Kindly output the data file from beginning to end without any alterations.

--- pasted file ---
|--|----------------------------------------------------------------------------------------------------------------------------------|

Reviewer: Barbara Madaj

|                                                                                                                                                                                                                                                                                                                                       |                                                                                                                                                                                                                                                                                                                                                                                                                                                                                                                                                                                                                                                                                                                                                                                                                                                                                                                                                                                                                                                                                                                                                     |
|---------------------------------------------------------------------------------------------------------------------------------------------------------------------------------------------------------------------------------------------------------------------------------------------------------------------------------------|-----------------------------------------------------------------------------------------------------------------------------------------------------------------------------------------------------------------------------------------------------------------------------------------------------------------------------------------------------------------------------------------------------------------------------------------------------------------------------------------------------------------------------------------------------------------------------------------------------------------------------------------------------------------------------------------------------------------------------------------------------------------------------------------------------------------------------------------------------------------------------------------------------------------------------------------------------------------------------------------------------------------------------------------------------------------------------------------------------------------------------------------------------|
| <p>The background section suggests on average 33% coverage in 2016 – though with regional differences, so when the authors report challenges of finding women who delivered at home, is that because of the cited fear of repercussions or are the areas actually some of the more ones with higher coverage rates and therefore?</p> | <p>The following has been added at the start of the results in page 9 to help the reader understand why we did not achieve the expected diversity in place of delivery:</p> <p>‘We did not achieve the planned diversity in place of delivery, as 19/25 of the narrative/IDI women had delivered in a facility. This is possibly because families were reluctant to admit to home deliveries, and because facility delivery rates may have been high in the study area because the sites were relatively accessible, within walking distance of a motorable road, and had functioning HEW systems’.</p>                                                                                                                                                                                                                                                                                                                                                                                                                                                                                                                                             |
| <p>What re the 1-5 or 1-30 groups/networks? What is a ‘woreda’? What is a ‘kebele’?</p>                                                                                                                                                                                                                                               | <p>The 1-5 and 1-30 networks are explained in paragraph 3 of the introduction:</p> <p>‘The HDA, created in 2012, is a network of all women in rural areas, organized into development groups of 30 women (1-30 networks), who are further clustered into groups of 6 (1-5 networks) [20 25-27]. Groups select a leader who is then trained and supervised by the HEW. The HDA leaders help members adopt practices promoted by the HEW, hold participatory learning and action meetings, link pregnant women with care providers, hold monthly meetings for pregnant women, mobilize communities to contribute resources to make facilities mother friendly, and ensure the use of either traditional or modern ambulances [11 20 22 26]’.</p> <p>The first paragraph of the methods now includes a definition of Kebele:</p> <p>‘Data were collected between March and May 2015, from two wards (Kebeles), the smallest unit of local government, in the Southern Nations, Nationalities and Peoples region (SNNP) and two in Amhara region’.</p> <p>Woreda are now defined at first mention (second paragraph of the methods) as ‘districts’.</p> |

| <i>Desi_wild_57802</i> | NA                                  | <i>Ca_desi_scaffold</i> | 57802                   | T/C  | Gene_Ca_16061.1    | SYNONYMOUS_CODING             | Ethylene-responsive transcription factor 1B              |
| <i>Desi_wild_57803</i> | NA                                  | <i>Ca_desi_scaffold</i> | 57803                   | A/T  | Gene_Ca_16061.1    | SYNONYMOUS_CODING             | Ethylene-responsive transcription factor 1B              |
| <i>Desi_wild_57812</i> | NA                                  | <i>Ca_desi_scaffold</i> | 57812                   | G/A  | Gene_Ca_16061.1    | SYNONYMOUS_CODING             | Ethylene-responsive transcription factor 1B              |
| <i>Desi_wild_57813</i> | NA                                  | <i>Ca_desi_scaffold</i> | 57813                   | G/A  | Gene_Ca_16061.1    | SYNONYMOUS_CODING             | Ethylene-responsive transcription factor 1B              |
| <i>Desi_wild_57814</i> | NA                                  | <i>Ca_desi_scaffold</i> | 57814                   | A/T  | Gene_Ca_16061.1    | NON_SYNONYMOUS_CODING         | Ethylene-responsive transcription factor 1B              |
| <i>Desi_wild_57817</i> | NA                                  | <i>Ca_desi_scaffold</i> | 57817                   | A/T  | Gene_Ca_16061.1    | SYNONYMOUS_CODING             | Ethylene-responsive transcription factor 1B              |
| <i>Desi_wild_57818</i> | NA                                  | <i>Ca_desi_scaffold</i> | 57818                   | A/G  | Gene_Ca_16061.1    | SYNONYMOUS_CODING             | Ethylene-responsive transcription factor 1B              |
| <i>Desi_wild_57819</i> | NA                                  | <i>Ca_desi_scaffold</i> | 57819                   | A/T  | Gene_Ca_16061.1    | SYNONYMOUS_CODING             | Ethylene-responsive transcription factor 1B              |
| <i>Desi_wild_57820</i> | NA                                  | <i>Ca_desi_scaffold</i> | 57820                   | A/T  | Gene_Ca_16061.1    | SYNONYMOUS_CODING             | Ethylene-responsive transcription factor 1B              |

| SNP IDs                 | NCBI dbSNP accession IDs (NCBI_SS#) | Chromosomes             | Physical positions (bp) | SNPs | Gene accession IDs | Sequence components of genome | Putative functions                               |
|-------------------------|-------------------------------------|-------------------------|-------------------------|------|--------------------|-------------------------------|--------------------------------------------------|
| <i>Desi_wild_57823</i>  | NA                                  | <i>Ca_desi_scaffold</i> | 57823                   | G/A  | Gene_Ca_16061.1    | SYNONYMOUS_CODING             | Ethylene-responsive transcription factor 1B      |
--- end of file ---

|--|----------------------------------------------------------------------------------------------------------------------------------|

Reviewer: Barbara Madaj

|                                                                                                                                                                                                                                                                                                                                       |                                                                                                                                                                                                                                                                                                                                                                                                                                                                                                                                                                                                                                                                                                                                                                                                                                                                                                                                                                                                                                                                                                                                                     |
|---------------------------------------------------------------------------------------------------------------------------------------------------------------------------------------------------------------------------------------------------------------------------------------------------------------------------------------|-----------------------------------------------------------------------------------------------------------------------------------------------------------------------------------------------------------------------------------------------------------------------------------------------------------------------------------------------------------------------------------------------------------------------------------------------------------------------------------------------------------------------------------------------------------------------------------------------------------------------------------------------------------------------------------------------------------------------------------------------------------------------------------------------------------------------------------------------------------------------------------------------------------------------------------------------------------------------------------------------------------------------------------------------------------------------------------------------------------------------------------------------------|
| <p>The background section suggests on average 33% coverage in 2016 – though with regional differences, so when the authors report challenges of finding women who delivered at home, is that because of the cited fear of repercussions or are the areas actually some of the more ones with higher coverage rates and therefore?</p> | <p>The following has been added at the start of the results in page 9 to help the reader understand why we did not achieve the expected diversity in place of delivery:</p> <p>‘We did not achieve the planned diversity in place of delivery, as 19/25 of the narrative/IDI women had delivered in a facility. This is possibly because families were reluctant to admit to home deliveries, and because facility delivery rates may have been high in the study area because the sites were relatively accessible, within walking distance of a motorable road, and had functioning HEW systems’.</p>                                                                                                                                                                                                                                                                                                                                                                                                                                                                                                                                             |
| <p>What re the 1-5 or 1-30 groups/networks? What is a ‘woreda’? What is a ‘kebele’?</p>                                                                                                                                                                                                                                               | <p>The 1-5 and 1-30 networks are explained in paragraph 3 of the introduction:</p> <p>‘The HDA, created in 2012, is a network of all women in rural areas, organized into development groups of 30 women (1-30 networks), who are further clustered into groups of 6 (1-5 networks) [20 25-27]. Groups select a leader who is then trained and supervised by the HEW. The HDA leaders help members adopt practices promoted by the HEW, hold participatory learning and action meetings, link pregnant women with care providers, hold monthly meetings for pregnant women, mobilize communities to contribute resources to make facilities mother friendly, and ensure the use of either traditional or modern ambulances [11 20 22 26]’.</p> <p>The first paragraph of the methods now includes a definition of Kebele:</p> <p>‘Data were collected between March and May 2015, from two wards (Kebeles), the smallest unit of local government, in the Southern Nations, Nationalities and Peoples region (SNNP) and two in Amhara region’.</p> <p>Woreda are now defined at first mention (second paragraph of the methods) as ‘districts’.</p> |

| <i>Desi_wild_57802</i> | NA                                  | <i>Ca_desi_scaffold</i> | 57802                   | T/C  | Gene_Ca_16061.1    | SYNONYMOUS_CODING             | Ethylene-responsive transcription factor 1B              |
| <i>Desi_wild_57803</i> | NA                                  | <i>Ca_desi_scaffold</i> | 57803                   | A/T  | Gene_Ca_16061.1    | SYNONYMOUS_CODING             | Ethylene-responsive transcription factor 1B              |
| <i>Desi_wild_57812</i> | NA                                  | <i>Ca_desi_scaffold</i> | 57812                   | G/A  | Gene_Ca_16061.1    | SYNONYMOUS_CODING             | Ethylene-responsive transcription factor 1B              |
| <i>Desi_wild_57813</i> | NA                                  | <i>Ca_desi_scaffold</i> | 57813                   | G/A  | Gene_Ca_16061.1    | SYNONYMOUS_CODING             | Ethylene-responsive transcription factor 1B              |
| <i>Desi_wild_57814</i> | NA                                  | <i>Ca_desi_scaffold</i> | 57814                   | A/T  | Gene_Ca_16061.1    | NON_SYNONYMOUS_CODING         | Ethylene-responsive transcription factor 1B              |
| <i>Desi_wild_57817</i> | NA                                  | <i>Ca_desi_scaffold</i> | 57817                   | A/T  | Gene_Ca_16061.1    | SYNONYMOUS_CODING             | Ethylene-responsive transcription factor 1B              |
| <i>Desi_wild_57818</i> | NA                                  | <i>Ca_desi_scaffold</i> | 57818                   | A/G  | Gene_Ca_16061.1    | SYNONYMOUS_CODING             | Ethylene-responsive transcription factor 1B              |
| <i>Desi_wild_57819</i> | NA                                  | <i>Ca_desi_scaffold</i> | 57819                   | A/T  | Gene_Ca_16061.1    | SYNONYMOUS_CODING             | Ethylene-responsive transcription factor 1B              |
| <i>Desi_wild_57820</i> | NA                                  | <i>Ca_desi_scaffold</i> | 57820                   | A/T  | Gene_Ca_16061.1    | SYNONYMOUS_CODING             | Ethylene-responsive transcription factor 1B              |

| SNP IDs                 | NCBI dbSNP accession IDs (NCBI_SS#) | Chromosomes             | Physical positions (bp) | SNPs | Gene accession IDs | Sequence components of genome | Putative functions                               |
|-------------------------|-------------------------------------|-------------------------|-------------------------|------|--------------------|-------------------------------|--------------------------------------------------|
| <i>Desi_wild_57823</i>  | NA                                  | <i>Ca_desi_scaffold</i> | 57823                   | G/A  | Gene_Ca_16061.1    | SYNONYMOUS_CODING             | Ethylene-responsive transcription factor 1B      |